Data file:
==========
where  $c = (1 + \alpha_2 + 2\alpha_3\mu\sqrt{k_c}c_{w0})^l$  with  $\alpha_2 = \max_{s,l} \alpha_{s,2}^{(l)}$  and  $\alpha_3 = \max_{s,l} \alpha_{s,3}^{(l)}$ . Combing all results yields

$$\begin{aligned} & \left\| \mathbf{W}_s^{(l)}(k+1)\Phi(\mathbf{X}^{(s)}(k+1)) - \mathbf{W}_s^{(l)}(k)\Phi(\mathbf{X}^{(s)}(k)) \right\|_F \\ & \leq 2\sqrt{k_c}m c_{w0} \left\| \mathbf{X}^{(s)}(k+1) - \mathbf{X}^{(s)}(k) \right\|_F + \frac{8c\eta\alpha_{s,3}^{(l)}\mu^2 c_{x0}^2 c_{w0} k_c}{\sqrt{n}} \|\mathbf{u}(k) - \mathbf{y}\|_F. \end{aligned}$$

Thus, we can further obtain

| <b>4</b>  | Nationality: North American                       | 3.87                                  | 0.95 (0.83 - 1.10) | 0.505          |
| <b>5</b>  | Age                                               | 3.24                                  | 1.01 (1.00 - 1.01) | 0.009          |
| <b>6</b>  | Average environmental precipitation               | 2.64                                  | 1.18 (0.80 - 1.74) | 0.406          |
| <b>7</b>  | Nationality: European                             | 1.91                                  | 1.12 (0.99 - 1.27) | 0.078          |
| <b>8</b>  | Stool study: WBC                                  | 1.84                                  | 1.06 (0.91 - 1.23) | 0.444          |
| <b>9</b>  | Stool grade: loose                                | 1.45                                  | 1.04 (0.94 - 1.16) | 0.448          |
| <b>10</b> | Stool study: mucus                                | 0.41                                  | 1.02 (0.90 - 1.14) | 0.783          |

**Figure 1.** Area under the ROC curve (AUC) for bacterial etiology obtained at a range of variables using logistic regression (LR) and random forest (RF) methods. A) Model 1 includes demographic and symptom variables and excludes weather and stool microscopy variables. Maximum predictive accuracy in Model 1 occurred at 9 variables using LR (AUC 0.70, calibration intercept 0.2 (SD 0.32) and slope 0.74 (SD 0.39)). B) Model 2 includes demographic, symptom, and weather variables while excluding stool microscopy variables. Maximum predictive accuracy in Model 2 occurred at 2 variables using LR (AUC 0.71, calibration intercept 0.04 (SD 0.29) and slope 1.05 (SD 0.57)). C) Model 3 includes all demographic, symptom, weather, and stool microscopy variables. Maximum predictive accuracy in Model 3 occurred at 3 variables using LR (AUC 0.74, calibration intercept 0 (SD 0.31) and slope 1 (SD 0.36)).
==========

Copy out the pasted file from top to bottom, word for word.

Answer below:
where  $c = (1 + \alpha_2 + 2\alpha_3\mu\sqrt{k_c}c_{w0})^l$  with  $\alpha_2 = \max_{s,l} \alpha_{s,2}^{(l)}$  and  $\alpha_3 = \max_{s,l} \alpha_{s,3}^{(l)}$ . Combing all results yields

$$\begin{aligned} & \left\| \mathbf{W}_s^{(l)}(k+1)\Phi(\mathbf{X}^{(s)}(k+1)) - \mathbf{W}_s^{(l)}(k)\Phi(\mathbf{X}^{(s)}(k)) \right\|_F \\ & \leq 2\sqrt{k_c}m c_{w0} \left\| \mathbf{X}^{(s)}(k+1) - \mathbf{X}^{(s)}(k) \right\|_F + \frac{8c\eta\alpha_{s,3}^{(l)}\mu^2 c_{x0}^2 c_{w0} k_c}{\sqrt{n}} \|\mathbf{u}(k) - \mathbf{y}\|_F. \end{aligned}$$

Thus, we can further obtain

| <b>4</b>  | Nationality: North American                       | 3.87                                  | 0.95 (0.83 - 1.10) | 0.505          |
| <b>5</b>  | Age                                               | 3.24                                  | 1.01 (1.00 - 1.01) | 0.009          |
| <b>6</b>  | Average environmental precipitation               | 2.64                                  | 1.18 (0.80 - 1.74) | 0.406          |
| <b>7</b>  | Nationality: European                             | 1.91                                  | 1.12 (0.99 - 1.27) | 0.078          |
| <b>8</b>  | Stool study: WBC                                  | 1.84                                  | 1.06 (0.91 - 1.23) | 0.444          |
| <b>9</b>  | Stool grade: loose                                | 1.45                                  | 1.04 (0.94 - 1.16) | 0.448          |
| <b>10</b> | Stool study: mucus                                | 0.41                                  | 1.02 (0.90 - 1.14) | 0.783          |

**Figure 1.** Area under the ROC curve (AUC) for bacterial etiology obtained at a range of variables using logistic regression (LR) and random forest (RF) methods. A) Model 1 includes demographic and symptom variables and excludes weather and stool microscopy variables. Maximum predictive accuracy in Model 1 occurred at 9 variables using LR (AUC 0.70, calibration intercept 0.2 (SD 0.32) and slope 0.74 (SD 0.39)). B) Model 2 includes demographic, symptom, and weather variables while excluding stool microscopy variables. Maximum predictive accuracy in Model 2 occurred at 2 variables using LR (AUC 0.71, calibration intercept 0.04 (SD 0.29) and slope 1.05 (SD 0.57)). C) Model 3 includes all demographic, symptom, weather, and stool microscopy variables. Maximum predictive accuracy in Model 3 occurred at 3 variables using LR (AUC 0.74, calibration intercept 0 (SD 0.31) and slope 1 (SD 0.36)).